“The training that the police have received in the past, I would say, has not changed significantly in 25 years, it is outdated, it does not correspond to today’s realities,” said Chuck Wexler, executive director of the Police Executive Research Forum in Washington. center: “I mean, what the mother wants when the police are called is the use of force by the officer. “Especially in a situation that did not require it, because the officers were not prepared to recognize the crisis.”

Some of the new legislation aims to strengthen or improve standards. But because mental health education is the responsibility of most states, some advocates and experts believe it can never fully train officers on how to respond.

2015 The report concluded that the Center for the Advocacy of Treatment, which does not pursue a profit for the treatment of the mentally ill, in 2015. The report found that people with untreated mental illness were 16 times more likely to be killed in a police clash than others.

“The solution that will have the greatest impact on the problem is to prevent people with mental illness from first contacting law enforcement,” said report co-author Elizabeth Sinclair Hank.

According to him, as it is not always possible, another solution is to create joint answering programs, where a social worker or other mental health professional helps officers in such calls.

That’s what Philadelphia introduced in October, weeks ago when officers died and shot black Walter Wallace Jr., a minute after he reached his address for the third time in a day, when he was in a state of mental health. Police said Wallace disobeyed orders to throw a knife.

Other cities have similar plans, including Los Angeles, San Francisco, Portland, and Oregon.

For Victims families who now say they regret calling 911 for help, the necessary training: Legislative reform has taken place.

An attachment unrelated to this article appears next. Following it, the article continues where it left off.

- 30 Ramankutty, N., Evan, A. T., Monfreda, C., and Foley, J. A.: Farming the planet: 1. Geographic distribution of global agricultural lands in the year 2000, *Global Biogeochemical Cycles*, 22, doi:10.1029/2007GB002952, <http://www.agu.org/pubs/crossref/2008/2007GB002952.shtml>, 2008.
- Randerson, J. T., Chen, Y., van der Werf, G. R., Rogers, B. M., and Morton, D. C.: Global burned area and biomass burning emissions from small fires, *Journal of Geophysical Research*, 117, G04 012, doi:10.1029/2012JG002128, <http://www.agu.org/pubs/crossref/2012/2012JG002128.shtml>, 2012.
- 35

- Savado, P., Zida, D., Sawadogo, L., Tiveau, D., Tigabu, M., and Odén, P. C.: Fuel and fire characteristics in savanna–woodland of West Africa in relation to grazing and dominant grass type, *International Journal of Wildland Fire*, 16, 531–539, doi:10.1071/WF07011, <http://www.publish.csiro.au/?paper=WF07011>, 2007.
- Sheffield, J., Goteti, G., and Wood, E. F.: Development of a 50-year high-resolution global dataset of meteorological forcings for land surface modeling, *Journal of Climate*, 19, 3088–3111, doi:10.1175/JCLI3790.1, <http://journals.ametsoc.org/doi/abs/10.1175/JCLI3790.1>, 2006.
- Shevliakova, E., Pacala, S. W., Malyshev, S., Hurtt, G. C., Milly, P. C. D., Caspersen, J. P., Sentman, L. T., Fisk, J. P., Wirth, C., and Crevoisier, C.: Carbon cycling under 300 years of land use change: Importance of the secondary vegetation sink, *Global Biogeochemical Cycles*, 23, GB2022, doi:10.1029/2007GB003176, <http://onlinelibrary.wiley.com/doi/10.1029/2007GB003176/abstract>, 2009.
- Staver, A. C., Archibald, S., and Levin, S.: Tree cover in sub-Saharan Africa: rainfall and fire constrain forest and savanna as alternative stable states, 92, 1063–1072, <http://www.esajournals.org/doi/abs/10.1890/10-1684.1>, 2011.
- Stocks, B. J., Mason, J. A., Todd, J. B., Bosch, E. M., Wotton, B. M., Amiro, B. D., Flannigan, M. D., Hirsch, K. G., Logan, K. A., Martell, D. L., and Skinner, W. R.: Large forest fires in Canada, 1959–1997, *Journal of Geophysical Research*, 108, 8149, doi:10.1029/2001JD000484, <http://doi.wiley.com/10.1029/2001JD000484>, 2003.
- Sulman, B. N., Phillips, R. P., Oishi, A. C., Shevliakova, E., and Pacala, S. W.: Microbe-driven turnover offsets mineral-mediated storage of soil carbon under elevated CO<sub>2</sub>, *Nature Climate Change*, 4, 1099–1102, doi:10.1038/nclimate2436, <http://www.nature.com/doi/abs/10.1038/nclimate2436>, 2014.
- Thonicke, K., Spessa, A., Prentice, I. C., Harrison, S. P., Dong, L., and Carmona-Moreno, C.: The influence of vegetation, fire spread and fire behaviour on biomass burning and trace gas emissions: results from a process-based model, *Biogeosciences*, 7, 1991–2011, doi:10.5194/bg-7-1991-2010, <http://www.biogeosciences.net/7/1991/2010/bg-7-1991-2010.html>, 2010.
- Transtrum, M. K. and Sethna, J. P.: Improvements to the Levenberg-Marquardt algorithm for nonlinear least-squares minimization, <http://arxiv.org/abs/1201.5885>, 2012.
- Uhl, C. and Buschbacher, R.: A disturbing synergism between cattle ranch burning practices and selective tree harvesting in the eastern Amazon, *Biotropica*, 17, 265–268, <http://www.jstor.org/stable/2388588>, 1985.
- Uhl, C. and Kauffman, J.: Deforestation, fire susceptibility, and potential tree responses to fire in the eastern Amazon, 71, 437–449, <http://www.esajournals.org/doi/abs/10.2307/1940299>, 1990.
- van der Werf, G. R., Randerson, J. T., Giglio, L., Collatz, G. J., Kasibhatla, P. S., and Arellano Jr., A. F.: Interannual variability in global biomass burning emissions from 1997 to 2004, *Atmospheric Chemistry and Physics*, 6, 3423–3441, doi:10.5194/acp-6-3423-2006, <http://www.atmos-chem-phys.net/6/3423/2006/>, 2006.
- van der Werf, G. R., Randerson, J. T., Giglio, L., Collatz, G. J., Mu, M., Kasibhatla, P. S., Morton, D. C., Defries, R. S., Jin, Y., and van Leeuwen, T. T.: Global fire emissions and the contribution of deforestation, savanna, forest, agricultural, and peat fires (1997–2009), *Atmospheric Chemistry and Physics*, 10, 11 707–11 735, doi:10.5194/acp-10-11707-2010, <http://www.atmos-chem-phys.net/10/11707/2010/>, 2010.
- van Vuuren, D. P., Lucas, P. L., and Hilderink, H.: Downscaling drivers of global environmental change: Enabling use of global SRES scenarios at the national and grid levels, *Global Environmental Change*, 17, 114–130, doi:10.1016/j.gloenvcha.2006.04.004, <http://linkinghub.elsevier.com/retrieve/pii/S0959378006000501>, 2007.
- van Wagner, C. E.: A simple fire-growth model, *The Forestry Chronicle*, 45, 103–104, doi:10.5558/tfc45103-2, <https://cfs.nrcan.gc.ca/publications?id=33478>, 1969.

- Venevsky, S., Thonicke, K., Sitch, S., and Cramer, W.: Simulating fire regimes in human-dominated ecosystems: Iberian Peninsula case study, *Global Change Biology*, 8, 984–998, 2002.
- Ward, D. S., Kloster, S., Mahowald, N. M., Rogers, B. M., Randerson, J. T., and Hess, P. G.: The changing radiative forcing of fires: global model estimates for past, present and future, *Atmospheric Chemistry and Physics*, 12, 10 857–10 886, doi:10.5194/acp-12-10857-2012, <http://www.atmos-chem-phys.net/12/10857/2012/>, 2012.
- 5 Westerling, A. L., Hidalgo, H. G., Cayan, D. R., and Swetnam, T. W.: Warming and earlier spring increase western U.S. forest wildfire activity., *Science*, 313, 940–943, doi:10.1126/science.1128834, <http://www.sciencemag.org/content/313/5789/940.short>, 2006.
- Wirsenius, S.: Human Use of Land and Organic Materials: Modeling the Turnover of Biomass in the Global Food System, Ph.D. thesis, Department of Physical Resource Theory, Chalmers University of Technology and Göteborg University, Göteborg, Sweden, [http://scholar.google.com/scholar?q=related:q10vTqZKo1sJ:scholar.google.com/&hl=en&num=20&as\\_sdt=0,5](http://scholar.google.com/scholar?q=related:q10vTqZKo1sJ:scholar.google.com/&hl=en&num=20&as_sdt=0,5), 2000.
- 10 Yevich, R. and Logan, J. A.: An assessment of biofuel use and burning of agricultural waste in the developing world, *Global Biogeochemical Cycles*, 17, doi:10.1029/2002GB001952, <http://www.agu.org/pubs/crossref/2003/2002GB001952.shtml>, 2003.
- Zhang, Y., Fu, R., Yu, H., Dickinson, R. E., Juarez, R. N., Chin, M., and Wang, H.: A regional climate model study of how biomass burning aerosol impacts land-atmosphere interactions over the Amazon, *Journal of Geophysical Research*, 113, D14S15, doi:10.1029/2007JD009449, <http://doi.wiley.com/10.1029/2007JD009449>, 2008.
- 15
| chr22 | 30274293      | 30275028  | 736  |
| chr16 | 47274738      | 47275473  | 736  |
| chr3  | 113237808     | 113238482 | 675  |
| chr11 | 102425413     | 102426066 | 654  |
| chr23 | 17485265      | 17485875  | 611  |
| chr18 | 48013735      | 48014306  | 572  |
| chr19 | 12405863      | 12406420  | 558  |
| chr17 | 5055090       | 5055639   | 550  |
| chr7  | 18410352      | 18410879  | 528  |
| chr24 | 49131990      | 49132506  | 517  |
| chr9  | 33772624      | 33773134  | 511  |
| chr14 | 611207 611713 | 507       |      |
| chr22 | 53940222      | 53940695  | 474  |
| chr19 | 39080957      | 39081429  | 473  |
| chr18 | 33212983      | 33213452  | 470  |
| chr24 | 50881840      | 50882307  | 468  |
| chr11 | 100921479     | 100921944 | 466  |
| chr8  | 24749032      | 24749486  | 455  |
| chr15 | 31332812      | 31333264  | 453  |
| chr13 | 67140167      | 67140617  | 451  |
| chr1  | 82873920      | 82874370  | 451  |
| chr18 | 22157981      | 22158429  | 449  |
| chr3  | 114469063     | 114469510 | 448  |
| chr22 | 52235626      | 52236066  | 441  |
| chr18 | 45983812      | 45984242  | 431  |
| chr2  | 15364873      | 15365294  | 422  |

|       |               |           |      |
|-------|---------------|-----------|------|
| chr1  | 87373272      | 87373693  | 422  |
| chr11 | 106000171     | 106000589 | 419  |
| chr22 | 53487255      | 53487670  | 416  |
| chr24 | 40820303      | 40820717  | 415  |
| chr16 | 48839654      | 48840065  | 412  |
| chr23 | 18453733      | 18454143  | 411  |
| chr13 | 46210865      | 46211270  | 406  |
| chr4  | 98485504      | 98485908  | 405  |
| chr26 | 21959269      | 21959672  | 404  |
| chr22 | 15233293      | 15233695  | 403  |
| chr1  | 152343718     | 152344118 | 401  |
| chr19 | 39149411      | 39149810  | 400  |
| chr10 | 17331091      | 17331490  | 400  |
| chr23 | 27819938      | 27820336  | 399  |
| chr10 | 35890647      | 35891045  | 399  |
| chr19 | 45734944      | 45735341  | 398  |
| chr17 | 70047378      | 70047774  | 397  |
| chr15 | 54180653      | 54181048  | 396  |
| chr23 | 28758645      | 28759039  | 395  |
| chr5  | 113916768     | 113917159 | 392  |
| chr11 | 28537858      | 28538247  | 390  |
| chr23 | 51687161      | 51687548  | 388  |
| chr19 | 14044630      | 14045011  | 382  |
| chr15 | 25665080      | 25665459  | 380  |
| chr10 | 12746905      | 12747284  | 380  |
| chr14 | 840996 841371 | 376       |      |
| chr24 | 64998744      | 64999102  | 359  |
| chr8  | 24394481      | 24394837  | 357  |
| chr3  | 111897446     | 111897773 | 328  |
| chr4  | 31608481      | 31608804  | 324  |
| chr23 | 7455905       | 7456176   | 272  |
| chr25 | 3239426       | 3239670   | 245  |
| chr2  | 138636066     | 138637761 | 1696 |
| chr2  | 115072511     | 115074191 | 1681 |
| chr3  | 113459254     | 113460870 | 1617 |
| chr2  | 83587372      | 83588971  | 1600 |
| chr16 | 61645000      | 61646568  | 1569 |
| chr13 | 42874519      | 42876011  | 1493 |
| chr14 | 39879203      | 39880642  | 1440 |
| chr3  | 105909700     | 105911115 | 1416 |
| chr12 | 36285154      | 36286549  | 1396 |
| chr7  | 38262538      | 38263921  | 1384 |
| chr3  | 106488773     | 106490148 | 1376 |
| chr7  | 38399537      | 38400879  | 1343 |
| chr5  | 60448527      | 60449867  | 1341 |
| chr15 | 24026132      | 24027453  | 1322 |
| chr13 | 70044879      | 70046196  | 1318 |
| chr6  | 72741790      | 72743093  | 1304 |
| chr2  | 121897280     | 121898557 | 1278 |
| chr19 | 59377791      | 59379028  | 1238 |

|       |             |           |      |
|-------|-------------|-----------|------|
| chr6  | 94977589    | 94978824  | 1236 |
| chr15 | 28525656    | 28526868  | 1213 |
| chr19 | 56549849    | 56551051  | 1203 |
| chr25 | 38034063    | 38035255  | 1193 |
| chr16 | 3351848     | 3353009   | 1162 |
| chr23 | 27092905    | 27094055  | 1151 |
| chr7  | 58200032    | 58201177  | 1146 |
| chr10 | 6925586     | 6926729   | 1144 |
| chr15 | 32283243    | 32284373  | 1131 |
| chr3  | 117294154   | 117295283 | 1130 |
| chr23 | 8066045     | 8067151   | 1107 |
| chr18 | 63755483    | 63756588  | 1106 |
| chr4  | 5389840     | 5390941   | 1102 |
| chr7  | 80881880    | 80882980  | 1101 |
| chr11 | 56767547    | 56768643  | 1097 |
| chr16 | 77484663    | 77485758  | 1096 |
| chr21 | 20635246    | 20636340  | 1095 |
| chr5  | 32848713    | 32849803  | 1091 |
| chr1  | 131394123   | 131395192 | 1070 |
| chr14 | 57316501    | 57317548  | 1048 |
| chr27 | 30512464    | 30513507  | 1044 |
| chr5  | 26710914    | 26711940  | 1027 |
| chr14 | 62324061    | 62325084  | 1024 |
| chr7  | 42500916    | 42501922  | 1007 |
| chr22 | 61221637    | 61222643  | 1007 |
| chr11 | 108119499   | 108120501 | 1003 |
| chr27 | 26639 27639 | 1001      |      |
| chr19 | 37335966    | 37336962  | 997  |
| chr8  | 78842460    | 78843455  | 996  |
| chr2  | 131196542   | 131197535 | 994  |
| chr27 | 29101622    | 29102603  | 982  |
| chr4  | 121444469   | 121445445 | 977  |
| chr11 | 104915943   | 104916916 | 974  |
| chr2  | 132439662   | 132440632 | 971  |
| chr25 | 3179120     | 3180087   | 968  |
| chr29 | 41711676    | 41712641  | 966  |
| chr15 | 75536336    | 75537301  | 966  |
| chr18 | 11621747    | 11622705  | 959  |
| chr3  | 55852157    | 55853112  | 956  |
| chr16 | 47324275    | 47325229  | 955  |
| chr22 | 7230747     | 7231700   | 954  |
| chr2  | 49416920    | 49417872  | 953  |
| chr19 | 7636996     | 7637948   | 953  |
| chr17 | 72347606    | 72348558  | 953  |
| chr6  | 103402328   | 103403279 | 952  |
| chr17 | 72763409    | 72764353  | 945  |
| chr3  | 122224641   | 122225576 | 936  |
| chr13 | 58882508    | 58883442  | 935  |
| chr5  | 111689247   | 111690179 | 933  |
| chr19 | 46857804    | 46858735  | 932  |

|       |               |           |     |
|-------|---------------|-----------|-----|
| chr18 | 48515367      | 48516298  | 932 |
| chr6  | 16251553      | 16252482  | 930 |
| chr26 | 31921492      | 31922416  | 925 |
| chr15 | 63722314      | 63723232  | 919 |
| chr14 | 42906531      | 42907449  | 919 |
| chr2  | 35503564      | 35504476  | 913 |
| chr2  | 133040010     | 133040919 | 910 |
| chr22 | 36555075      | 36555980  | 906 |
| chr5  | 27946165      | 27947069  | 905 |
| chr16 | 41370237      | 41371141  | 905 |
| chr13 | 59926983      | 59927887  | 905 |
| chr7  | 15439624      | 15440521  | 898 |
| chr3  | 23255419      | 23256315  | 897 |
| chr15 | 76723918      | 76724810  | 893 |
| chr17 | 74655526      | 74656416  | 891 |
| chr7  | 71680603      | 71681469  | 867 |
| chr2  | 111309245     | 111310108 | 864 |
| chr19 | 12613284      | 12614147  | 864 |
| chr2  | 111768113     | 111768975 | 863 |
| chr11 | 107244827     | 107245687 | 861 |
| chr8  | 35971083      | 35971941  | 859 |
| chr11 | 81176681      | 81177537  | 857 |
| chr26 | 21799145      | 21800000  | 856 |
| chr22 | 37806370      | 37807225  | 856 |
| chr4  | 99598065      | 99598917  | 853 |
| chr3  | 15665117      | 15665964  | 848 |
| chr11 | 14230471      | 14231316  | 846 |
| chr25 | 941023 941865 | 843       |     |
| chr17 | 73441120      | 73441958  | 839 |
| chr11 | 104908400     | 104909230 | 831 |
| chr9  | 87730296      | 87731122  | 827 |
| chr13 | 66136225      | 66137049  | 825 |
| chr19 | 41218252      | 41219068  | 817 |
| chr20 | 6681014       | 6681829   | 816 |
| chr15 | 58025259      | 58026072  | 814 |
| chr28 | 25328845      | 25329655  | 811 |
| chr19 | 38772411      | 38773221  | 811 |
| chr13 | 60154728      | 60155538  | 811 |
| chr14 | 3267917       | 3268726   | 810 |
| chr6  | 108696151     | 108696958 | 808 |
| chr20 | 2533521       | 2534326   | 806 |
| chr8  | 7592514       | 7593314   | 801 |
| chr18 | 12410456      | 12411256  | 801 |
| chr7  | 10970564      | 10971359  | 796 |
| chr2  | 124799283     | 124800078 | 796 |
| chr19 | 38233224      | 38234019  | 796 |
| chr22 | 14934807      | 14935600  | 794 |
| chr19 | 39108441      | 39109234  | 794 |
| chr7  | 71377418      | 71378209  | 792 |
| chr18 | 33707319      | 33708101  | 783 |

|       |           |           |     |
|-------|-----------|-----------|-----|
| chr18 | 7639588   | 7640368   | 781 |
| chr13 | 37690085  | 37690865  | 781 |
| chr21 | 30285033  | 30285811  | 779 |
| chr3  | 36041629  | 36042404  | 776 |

“Looking back was not the smartest idea to call the police,” said Isabella Collins, Quinto’s 18-year-old sister, who died in California. “But I just wanted him to be able to calm down, I thought they could help.”

Antioch police have not released details of Quinto’s death for more than a month. Police Chief Tamani Brooks has denied that officers used a knee or other object to pressure Quinto on the head, neck or throat. An autopsy is being performed.

The section did not respond to a request for comment.

In February, Quinto’s family filed a misdemeanor lawsuit against the city, claiming that he “died as a direct result of unjustified force used against him.”

“I think it was really naive for me to think he would not be offended,” Collins said.


Amir reported from Columbus, Ohio. Associated Press writers Don Thompson, Sacramento, California, Sophia Epolito, Salt Lake City, and Ronda Schaffner, a New York researcher, contributed to this report. Amir և is a member of the Epolito Corps for the Associated Press / Report for America Statehouse News Initiative. Report for America is a national nonprofit program that places journalists in local newsrooms to cover hidden issues.



Please enter your comment!
Please enter your name here